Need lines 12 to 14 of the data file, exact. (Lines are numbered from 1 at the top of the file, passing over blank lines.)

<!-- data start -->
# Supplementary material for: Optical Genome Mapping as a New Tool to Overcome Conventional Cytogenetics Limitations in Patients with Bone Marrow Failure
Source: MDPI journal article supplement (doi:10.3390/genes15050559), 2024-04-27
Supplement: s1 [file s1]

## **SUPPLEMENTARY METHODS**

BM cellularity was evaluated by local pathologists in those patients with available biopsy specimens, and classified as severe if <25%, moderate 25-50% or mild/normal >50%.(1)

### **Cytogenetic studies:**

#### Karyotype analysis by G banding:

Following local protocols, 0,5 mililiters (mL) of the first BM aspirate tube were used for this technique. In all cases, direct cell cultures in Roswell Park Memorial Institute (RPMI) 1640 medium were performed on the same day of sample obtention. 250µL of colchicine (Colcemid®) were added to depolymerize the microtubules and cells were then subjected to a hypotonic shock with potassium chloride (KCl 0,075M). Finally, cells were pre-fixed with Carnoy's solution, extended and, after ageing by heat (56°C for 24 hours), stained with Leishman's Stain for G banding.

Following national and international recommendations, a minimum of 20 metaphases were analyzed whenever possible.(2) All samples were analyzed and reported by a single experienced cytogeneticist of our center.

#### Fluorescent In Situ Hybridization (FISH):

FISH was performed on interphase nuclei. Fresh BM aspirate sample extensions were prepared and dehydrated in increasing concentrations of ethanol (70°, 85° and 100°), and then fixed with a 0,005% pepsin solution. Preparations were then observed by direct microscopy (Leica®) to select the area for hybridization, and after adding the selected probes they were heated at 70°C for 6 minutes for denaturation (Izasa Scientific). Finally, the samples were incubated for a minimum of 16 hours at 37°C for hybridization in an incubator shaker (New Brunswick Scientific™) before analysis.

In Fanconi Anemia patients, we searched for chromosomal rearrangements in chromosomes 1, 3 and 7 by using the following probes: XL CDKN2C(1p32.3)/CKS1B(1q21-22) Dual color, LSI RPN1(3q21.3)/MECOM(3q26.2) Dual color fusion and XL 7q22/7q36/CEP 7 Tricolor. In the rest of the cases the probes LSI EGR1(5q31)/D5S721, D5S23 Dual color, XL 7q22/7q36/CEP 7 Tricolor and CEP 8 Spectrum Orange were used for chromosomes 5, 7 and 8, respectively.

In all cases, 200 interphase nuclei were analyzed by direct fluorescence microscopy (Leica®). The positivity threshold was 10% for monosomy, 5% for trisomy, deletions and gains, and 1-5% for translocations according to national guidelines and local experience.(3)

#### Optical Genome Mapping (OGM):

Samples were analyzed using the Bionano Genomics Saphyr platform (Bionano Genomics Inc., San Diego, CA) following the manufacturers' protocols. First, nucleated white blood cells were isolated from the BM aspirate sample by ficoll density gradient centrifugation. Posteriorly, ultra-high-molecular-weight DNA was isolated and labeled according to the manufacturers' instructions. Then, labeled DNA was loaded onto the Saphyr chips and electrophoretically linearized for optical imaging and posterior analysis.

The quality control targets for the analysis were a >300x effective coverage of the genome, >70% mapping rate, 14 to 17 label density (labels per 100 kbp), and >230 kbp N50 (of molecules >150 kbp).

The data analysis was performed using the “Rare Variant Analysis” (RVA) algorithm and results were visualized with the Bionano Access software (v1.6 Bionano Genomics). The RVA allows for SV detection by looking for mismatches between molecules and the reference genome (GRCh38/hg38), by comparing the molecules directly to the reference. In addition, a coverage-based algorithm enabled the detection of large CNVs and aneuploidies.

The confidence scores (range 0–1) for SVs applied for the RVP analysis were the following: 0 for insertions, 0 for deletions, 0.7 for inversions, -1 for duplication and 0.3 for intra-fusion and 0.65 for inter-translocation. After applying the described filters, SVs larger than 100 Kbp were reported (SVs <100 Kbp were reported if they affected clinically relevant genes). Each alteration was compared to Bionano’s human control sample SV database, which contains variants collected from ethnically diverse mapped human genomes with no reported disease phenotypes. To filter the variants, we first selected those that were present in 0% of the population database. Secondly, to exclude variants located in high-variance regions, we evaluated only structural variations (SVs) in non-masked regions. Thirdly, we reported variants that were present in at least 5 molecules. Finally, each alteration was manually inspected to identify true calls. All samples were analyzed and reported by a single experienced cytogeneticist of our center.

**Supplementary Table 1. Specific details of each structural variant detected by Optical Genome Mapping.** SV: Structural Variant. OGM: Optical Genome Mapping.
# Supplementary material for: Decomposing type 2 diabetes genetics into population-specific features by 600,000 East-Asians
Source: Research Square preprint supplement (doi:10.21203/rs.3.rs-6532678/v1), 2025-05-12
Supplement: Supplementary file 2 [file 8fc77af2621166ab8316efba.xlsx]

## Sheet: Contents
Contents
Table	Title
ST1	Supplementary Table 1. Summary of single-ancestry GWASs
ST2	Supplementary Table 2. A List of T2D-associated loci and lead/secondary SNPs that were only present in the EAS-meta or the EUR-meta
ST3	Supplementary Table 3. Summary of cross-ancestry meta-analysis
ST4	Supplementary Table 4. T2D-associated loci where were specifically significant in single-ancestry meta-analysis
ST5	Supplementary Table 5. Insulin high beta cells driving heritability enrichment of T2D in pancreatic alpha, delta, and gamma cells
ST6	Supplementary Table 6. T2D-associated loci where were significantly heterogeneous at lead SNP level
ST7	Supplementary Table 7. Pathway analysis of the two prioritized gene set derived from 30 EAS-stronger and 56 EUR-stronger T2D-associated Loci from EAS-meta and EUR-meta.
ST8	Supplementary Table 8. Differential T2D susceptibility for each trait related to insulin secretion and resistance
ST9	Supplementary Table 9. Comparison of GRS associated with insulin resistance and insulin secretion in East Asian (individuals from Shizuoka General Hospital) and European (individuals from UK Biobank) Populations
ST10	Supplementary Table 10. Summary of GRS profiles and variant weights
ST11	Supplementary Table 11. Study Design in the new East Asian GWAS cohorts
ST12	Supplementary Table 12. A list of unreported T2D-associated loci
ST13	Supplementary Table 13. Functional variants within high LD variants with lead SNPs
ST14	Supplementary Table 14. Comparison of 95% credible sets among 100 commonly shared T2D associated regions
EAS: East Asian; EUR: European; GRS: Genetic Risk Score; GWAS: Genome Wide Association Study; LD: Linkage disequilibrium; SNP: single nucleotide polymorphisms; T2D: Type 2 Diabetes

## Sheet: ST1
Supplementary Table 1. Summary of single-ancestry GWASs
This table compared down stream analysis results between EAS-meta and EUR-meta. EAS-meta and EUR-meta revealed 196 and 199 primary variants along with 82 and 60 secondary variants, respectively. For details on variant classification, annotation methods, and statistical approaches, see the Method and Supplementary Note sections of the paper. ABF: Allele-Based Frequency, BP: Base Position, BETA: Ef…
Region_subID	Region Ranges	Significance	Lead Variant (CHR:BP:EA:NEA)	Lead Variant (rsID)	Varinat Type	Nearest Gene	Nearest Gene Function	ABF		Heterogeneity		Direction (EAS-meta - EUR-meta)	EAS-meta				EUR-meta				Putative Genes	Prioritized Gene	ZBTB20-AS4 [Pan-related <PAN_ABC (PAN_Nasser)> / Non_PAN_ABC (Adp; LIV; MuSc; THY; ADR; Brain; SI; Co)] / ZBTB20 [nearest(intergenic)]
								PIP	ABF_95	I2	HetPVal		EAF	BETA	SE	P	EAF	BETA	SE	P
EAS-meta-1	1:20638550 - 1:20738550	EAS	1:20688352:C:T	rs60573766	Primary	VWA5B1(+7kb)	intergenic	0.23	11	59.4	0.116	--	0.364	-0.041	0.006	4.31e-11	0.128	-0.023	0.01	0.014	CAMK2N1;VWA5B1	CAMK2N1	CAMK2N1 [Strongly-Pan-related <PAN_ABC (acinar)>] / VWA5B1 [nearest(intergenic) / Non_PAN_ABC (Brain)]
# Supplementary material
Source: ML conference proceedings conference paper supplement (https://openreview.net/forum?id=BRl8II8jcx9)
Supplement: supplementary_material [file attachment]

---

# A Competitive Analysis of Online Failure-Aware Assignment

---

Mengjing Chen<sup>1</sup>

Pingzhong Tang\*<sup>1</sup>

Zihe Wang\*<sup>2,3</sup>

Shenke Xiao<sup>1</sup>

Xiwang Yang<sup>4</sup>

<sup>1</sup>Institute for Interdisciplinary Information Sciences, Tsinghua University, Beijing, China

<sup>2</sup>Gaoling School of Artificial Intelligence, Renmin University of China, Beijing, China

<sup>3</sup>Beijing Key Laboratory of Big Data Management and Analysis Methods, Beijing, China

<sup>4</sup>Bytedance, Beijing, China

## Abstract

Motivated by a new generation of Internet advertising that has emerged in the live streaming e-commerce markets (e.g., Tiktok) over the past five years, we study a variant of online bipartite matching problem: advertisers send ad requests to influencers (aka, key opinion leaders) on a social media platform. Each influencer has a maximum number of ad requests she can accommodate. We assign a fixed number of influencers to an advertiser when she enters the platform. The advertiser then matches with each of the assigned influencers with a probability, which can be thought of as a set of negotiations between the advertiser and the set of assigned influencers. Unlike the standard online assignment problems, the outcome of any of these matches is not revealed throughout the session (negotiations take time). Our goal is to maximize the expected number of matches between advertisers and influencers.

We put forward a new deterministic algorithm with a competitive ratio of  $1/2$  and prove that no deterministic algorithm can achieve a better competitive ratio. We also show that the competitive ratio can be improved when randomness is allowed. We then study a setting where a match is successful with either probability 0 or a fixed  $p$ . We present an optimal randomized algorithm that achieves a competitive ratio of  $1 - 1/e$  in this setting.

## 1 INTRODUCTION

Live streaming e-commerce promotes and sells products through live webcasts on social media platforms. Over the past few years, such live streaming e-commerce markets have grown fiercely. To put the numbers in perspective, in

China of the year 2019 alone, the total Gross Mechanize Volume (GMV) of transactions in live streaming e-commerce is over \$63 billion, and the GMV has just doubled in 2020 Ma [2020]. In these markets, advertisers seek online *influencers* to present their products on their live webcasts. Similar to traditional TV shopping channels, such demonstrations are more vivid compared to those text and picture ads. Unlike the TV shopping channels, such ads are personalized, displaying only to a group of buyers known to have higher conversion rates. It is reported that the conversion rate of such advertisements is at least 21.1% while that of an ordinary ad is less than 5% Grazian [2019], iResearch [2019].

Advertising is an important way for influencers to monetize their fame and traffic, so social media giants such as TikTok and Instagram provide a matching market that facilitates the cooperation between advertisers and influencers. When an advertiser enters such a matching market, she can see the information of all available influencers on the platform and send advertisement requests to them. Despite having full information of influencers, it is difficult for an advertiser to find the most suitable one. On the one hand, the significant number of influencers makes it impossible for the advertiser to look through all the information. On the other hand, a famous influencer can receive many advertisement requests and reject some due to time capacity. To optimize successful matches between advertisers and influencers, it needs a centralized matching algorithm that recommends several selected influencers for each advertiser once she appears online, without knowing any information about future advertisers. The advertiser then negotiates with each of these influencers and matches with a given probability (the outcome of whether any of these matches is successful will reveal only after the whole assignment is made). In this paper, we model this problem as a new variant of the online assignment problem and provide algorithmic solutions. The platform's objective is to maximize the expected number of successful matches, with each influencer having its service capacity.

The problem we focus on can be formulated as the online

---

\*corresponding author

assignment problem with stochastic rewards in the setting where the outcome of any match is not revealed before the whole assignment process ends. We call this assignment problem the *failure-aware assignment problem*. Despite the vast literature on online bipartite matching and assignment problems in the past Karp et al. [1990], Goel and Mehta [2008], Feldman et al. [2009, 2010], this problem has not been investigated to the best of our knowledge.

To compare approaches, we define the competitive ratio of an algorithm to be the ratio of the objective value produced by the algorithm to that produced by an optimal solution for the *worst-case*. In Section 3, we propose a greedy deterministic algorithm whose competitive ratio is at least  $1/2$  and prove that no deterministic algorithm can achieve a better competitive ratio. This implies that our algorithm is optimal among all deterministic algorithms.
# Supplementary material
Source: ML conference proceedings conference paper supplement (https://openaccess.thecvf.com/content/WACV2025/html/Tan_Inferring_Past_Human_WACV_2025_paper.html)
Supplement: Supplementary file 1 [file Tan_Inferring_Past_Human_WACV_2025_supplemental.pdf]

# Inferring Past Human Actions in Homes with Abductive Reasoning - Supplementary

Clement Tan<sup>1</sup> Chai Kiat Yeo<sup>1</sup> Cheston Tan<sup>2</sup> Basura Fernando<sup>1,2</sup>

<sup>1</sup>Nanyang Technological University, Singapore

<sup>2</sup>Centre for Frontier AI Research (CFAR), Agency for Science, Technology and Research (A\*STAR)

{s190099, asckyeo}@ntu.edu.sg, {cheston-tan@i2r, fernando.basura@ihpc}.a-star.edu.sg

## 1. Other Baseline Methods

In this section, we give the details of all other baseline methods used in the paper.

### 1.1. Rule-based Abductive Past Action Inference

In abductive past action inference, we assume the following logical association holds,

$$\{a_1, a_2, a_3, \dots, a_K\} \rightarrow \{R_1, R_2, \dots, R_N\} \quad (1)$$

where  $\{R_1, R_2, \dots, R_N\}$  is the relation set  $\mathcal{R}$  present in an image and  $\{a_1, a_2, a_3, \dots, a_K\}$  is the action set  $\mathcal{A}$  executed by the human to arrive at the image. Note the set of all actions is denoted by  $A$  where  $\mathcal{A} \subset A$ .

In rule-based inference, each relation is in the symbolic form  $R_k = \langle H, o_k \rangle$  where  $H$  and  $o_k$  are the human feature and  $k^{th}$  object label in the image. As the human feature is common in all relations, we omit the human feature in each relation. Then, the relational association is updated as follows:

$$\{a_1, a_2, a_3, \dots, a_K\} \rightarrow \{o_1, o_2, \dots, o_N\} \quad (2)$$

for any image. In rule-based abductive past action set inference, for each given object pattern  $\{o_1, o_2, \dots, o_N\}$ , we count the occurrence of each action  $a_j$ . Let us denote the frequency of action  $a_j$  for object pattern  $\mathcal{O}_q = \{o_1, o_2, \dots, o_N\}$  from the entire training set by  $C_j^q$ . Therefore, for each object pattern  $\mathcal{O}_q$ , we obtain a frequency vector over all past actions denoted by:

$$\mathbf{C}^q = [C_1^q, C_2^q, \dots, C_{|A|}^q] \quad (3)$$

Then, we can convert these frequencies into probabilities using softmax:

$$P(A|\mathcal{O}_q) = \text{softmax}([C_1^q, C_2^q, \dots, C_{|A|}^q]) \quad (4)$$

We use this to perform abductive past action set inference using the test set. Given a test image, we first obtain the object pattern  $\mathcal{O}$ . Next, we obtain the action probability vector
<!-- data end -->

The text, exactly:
In Fanconi Anemia patients, we searched for chromosomal rearrangements in chromosomes 1, 3 and 7 by using the following probes: XL CDKN2C(1p32.3)/CKS1B(1q21-22) Dual color, LSI RPN1(3q21.3)/MECOM(3q26.2) Dual color fusion and XL 7q22/7q36/CEP 7 Tricolor. In the rest of the cases the probes LSI EGR1(5q31)/D5S721, D5S23 Dual color, XL 7q22/7q36/CEP 7 Tricolor and CEP 8 Spectrum Orange were used for chromosomes 5, 7 and 8, respectively.

In all cases, 200 interphase nuclei were analyzed by direct fluorescence microscopy (Leica®). The positivity threshold was 10% for monosomy, 5% for trisomy, deletions and gains, and 1-5% for translocations according to national guidelines and local experience.(3)

#### Optical Genome Mapping (OGM):